HAVE YOU EVER wondered how trees get water all the way to their tops? Or what limits the height of a tree? I mean, some western red cedars and Douglas firs get over 200 feet tall, but why don’t they get even taller? Given that our region is home to several of the tallest tree species on the planet, I thought I should investigate. The coast redwood is generally considered the tallest tree species on Earth. The current record-holding individual is a specimen in Northern California, known as Hyperion, which tops out around 380 feet. Though we don’t have any redwoods, our native trees are still world-class giants. Washington state is home to Douglas fir, Sitka spruce, noble fir, western hemlock, ponderosa pine and grand fir — all of which rate in the top 30 tallest tree species in the world. In fact, two of the largest known specimens in the world live in our state: a noble fir growing in the Cascades and a grand fir in the Olympics. So is there a limit to how tall a tree can grow? Researchers studying the coastal redwoods think so, and suggest the answer might lie around 400 to 430 feet. They believe the height of a tree is ultimately restricted at this height as the pull of gravity and the friction between water and the vessels it flows through make any further growth impossible. This is known as the hydraulic limitation hypothesis…

Phys.org, September 21, 2020: Mixed-species tree stands adapt better than pure stands

Firs and spruces dominate the tree population of the Black Forest with a share of 80 percent. However, such predominantly pure stands are particularly vulnerable to extreme events caused by climate change, such as storm damage, heat waves, and bark beetle infestations. In Baden-Württemberg, on average, every third tree is already sick. A conversion from pure to mixed stands could increase the resistance of forests. The potential benefits also include greater biodiversity, long-term economic efficiency, and stability. This is the result of a study by KIT (Karlsruhe Institute of Technology) for which experts from forestry, silviculture, and tourism were interviewed. “The natural adaptability of monospecific forests to persistent hot, dry weather periods alternating with heavy rainfall is relatively low,” says Dr. Christine Rösch, head of the Sustainable Bioeconomy Research Group at the Institute for Technology Assessment and Systems Analysis (ITAS) of KIT. “However, there is an urgent need to improve the adaptability of forest ecosystems to weather events, as stress due to climate change increases and occurs in much shorter periods than before so that the usual regeneration cycles can no longer make up for it…”

Boise, Idaho, KTVB-TV, September 21, 2020: Hazard tree mitigation efforts from Trap Creek Fire begin along Highway 21

The Trap Creek Fire, located about nine miles northwest of Stanley on the Sawtooth National Recreation Area, is currently burning at 2,211 acres and is 25% contained. It was first reported on September 14. 148 personnel are currently assigned to the fire. A cold front over the weekend brought rain that cleared the heavy smoke from the fire and provided relief for firefighters and the community. Wind, warm temperatures and dry conditions are expected today and could increase fire activity. Hazard tree mitigation began along Highway 21 on Monday is is expected to last for two to three days. A forest area closure is in effect for the area around the fire and was expanded on Saturday to include Valley Creek Road. This includes all roads, trails, campgrounds, and hunting units within the closure. The purpose of this order is to protect the public and firefighters during wildfire activity suppression activities…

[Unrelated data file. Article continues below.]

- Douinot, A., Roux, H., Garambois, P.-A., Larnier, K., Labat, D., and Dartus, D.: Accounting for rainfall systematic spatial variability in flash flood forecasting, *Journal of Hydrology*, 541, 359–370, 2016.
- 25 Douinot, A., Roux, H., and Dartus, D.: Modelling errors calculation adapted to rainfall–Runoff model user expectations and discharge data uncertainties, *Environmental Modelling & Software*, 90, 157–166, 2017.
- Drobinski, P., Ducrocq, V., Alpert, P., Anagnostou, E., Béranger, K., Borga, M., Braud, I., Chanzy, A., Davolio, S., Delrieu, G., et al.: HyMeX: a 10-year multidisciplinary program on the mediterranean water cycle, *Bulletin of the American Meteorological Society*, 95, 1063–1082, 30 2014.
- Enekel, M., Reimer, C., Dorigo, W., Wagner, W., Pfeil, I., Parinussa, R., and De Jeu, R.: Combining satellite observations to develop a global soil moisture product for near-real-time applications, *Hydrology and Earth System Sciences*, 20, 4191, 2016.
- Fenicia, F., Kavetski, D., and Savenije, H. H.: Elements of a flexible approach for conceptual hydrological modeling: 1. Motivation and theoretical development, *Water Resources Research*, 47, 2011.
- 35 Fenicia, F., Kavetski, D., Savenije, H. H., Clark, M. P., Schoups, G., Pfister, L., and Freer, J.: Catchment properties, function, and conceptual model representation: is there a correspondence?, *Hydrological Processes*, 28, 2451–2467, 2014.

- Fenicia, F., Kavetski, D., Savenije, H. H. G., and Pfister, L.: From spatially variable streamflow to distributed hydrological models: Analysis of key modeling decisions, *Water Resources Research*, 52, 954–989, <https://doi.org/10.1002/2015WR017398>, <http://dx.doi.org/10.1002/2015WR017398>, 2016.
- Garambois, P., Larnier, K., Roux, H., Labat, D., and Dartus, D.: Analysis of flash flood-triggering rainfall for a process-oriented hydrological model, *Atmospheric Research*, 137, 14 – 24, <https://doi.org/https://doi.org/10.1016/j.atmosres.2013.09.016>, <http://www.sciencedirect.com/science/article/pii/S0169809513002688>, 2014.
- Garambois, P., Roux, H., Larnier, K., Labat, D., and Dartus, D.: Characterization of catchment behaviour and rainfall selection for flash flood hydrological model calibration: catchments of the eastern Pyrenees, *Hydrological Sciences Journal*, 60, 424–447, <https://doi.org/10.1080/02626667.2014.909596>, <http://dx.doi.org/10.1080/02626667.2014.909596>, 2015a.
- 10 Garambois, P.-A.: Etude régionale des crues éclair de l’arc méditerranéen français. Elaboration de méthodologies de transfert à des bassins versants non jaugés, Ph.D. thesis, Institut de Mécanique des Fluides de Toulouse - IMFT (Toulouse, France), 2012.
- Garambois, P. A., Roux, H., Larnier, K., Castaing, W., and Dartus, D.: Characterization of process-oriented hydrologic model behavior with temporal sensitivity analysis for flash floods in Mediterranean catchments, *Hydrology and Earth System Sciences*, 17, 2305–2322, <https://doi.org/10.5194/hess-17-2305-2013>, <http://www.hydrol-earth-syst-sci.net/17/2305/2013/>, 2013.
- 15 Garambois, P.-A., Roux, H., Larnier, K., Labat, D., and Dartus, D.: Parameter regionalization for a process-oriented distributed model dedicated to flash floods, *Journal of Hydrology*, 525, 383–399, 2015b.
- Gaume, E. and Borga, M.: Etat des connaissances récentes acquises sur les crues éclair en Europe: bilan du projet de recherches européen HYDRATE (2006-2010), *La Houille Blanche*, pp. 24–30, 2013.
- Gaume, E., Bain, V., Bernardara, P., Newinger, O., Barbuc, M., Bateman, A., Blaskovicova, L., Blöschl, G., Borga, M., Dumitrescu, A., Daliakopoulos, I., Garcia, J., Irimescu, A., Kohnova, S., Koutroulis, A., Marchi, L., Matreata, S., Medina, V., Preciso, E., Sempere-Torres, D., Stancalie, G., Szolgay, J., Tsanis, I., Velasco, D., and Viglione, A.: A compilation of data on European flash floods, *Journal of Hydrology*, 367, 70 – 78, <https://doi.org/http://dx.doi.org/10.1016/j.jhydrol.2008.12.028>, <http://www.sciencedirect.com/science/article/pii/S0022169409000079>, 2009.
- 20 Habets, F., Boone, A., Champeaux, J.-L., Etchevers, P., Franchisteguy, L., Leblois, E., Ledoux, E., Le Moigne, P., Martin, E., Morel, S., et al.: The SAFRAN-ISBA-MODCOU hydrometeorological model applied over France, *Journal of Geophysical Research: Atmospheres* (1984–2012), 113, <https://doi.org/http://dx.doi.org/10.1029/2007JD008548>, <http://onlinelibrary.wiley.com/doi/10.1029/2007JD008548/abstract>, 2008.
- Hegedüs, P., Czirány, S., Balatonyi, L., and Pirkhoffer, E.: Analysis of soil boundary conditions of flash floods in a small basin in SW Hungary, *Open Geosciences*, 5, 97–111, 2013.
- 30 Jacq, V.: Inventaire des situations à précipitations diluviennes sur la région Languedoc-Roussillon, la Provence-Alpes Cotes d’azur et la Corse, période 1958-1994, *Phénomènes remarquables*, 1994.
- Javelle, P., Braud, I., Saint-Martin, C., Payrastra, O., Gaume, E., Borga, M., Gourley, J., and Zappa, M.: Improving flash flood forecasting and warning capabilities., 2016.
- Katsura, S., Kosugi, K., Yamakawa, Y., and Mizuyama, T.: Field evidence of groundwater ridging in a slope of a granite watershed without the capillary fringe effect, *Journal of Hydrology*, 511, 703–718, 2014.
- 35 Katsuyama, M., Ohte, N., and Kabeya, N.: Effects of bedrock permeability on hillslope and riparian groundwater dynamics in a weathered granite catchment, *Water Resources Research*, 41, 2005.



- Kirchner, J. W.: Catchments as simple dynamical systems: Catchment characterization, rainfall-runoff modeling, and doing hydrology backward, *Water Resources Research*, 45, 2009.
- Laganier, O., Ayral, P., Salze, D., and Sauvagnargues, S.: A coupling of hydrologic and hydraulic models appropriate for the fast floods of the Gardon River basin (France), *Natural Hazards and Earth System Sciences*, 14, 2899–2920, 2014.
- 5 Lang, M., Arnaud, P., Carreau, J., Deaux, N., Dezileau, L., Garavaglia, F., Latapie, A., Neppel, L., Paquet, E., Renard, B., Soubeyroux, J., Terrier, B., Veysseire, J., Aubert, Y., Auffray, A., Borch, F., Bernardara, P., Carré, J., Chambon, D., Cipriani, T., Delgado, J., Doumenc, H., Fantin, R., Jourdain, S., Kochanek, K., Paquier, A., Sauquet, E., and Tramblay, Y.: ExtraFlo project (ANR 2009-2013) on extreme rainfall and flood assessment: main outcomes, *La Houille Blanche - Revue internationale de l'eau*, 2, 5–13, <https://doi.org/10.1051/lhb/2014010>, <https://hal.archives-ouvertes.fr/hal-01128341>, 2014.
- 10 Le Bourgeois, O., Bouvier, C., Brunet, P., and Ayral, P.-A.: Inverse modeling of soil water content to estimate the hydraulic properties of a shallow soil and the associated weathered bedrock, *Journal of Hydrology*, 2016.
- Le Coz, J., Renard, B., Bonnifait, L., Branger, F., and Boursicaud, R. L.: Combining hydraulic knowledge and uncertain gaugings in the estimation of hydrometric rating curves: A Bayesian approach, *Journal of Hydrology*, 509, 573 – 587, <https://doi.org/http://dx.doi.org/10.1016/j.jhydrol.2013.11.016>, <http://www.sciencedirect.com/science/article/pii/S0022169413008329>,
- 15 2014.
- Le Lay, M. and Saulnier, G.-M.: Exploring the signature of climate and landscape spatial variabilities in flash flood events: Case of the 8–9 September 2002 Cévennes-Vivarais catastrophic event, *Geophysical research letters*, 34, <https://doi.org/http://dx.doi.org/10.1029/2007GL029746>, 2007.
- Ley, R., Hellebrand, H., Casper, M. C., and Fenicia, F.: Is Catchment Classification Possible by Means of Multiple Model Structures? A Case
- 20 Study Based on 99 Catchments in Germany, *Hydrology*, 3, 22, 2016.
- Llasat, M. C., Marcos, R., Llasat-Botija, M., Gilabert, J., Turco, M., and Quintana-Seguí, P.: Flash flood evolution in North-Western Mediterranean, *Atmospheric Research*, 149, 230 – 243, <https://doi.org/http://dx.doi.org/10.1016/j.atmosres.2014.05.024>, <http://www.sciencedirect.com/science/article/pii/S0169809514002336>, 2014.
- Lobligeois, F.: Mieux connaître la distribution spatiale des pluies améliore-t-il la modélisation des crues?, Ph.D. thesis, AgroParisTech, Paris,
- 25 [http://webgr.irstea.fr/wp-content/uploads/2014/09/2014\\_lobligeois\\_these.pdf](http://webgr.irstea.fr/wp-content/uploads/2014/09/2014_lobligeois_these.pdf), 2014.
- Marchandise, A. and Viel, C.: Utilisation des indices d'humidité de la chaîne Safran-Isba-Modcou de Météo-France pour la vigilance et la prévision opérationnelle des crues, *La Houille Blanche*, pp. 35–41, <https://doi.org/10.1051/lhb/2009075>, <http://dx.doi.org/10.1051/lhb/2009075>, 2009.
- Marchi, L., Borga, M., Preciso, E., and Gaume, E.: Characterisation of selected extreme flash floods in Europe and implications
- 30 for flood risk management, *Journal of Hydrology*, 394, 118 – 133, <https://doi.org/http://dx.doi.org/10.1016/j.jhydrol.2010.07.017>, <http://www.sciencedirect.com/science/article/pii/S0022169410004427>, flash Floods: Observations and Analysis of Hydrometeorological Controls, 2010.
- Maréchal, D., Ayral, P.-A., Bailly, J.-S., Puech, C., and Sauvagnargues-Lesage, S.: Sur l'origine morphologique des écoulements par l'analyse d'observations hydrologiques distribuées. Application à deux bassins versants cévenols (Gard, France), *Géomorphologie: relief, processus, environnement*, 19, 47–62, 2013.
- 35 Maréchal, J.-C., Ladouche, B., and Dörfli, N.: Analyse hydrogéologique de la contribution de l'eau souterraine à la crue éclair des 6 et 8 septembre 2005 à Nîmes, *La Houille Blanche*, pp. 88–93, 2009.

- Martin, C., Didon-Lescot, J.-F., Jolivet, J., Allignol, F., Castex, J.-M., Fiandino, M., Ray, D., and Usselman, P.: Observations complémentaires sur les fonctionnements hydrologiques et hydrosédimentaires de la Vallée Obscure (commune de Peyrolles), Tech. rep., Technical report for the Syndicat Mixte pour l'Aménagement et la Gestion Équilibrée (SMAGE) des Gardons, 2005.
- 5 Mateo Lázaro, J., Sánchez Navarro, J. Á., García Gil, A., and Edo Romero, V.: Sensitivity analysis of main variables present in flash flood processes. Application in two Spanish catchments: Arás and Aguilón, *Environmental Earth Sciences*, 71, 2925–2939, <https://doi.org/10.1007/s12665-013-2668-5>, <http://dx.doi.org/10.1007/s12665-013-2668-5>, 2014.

CNN, September 21, 2020: A Florida woman was attacked by a 10-foot alligator while trimming trees

A Florida woman is recovering from injuries she received when she was attacked by a 10-foot, 4-inch alligator while trimming trees in Fort Myers. The 27-year-old woman was trimming by the edge of a lake near a country club on September 10 when the alligator bit her. She was taken to Lee Memorial Hospital and treated for injuries to both legs, according to the Florida Fish and Wildlife Conservation Commission (FWC). The FWC said it is still investigating the incident. A few days later, on September 13, a man suffered injuries to his leg when he was bitten by an alligator while walking his dog along a residential canal in Port St. Lucie, the FWC said. The 8-foot, 3-inch alligator that bit him was removed and transferred to an alligator farm. CNN affiliate WPTV reported that Mark Johnson, 61, said the alligator clamped onto his leg and was trying to drag him under water. When Johnson poked the alligator in the eye, the reptile let go, he said. “I kind of slide and my foot is stuck in the mud, and the next thing I know, I see the lunge,” Johnson told WPTV. “He starts clamping down pretty tight and he started to pull, and the next thing I do, I instantly, here’s my fingers, I poke through the eye.”Johnson received 62 stitches and his dog was unhurt, WPTV reported…